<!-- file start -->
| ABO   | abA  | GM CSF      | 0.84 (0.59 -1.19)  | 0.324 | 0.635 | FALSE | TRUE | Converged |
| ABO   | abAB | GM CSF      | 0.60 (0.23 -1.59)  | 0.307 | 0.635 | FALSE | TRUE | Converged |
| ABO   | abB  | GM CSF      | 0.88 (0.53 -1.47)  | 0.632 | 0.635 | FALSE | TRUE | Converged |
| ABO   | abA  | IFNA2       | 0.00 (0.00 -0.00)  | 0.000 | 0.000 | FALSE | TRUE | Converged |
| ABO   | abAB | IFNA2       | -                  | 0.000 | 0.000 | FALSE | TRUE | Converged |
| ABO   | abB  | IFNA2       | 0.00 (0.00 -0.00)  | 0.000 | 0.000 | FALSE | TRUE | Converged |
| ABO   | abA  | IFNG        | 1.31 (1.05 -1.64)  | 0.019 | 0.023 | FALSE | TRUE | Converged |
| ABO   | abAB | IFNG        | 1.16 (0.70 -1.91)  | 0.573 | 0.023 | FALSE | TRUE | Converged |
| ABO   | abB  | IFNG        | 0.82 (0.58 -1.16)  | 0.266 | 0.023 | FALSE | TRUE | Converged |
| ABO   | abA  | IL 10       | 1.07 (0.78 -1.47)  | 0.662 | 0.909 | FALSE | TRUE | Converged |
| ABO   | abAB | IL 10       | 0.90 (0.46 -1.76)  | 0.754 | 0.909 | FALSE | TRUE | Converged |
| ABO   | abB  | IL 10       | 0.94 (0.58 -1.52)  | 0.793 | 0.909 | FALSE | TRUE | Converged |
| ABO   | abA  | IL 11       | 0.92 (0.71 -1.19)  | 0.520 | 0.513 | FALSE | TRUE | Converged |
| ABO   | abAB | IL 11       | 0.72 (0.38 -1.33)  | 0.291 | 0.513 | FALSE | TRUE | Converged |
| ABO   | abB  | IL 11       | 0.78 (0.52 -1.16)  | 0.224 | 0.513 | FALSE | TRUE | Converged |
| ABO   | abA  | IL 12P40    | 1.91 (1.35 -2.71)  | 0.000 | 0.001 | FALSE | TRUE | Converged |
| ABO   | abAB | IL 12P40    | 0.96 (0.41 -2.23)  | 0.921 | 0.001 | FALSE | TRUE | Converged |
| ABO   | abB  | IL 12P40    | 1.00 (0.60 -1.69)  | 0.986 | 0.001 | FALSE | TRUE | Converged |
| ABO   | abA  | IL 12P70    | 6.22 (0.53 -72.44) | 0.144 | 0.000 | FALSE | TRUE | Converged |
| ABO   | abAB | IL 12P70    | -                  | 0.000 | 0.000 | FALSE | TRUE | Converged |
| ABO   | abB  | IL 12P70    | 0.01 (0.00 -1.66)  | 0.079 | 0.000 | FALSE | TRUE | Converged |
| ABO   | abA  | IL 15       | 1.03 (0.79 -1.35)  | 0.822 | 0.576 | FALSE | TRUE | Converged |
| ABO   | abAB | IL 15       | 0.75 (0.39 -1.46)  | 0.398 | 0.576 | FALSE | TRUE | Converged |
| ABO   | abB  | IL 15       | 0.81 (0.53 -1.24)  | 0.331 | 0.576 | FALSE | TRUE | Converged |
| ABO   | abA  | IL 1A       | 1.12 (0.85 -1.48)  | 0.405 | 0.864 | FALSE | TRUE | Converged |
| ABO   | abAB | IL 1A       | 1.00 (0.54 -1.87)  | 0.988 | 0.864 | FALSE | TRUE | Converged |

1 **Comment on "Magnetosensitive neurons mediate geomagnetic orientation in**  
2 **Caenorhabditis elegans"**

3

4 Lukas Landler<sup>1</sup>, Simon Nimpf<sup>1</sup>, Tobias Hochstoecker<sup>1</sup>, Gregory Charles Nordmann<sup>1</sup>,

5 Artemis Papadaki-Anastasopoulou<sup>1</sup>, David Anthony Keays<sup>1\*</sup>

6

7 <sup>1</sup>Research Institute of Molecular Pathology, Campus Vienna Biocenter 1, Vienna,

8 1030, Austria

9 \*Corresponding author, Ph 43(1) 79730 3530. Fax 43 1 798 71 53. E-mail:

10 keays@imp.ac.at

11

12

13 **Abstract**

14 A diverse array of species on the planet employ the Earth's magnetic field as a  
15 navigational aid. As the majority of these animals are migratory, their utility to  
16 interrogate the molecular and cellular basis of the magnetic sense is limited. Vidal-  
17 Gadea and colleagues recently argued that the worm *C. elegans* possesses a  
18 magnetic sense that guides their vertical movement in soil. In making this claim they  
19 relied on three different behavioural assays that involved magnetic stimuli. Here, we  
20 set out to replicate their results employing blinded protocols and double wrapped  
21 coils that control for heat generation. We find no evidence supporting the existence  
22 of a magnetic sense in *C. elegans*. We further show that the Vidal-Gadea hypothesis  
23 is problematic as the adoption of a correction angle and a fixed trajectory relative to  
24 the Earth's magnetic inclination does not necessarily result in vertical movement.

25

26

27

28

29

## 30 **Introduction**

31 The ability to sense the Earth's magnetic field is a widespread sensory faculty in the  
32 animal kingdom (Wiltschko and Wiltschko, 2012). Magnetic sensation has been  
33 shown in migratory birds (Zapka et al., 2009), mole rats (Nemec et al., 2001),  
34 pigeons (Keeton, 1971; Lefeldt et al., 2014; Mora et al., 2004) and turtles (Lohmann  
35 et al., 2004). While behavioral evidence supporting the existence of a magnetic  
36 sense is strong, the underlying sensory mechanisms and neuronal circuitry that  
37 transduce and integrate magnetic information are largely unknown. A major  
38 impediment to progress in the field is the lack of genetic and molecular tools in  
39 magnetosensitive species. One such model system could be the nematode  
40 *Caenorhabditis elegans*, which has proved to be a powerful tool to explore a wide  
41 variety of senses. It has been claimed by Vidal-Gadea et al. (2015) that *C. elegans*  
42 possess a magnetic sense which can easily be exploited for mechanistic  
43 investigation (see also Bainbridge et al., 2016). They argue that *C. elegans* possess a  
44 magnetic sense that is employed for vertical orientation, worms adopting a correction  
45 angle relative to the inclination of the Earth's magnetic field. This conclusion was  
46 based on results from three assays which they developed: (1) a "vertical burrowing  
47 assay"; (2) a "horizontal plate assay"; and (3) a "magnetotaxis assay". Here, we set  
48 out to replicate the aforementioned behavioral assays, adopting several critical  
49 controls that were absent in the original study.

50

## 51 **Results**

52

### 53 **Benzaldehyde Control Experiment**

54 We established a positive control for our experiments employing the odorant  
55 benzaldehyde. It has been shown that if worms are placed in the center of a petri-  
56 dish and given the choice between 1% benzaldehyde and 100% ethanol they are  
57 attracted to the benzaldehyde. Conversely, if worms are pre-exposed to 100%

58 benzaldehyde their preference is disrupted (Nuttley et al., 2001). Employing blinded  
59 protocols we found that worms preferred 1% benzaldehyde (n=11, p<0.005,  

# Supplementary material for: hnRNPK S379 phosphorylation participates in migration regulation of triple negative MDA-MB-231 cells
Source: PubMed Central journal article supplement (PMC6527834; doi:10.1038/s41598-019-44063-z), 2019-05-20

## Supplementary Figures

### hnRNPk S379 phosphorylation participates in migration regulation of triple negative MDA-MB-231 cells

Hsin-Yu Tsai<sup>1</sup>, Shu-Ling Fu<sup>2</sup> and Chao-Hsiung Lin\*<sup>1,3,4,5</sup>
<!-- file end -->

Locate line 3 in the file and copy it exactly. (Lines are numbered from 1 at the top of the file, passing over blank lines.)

| ABO   | abB  | GM CSF      | 0.88 (0.53 -1.47)  | 0.632 | 0.635 | FALSE | TRUE | Converged |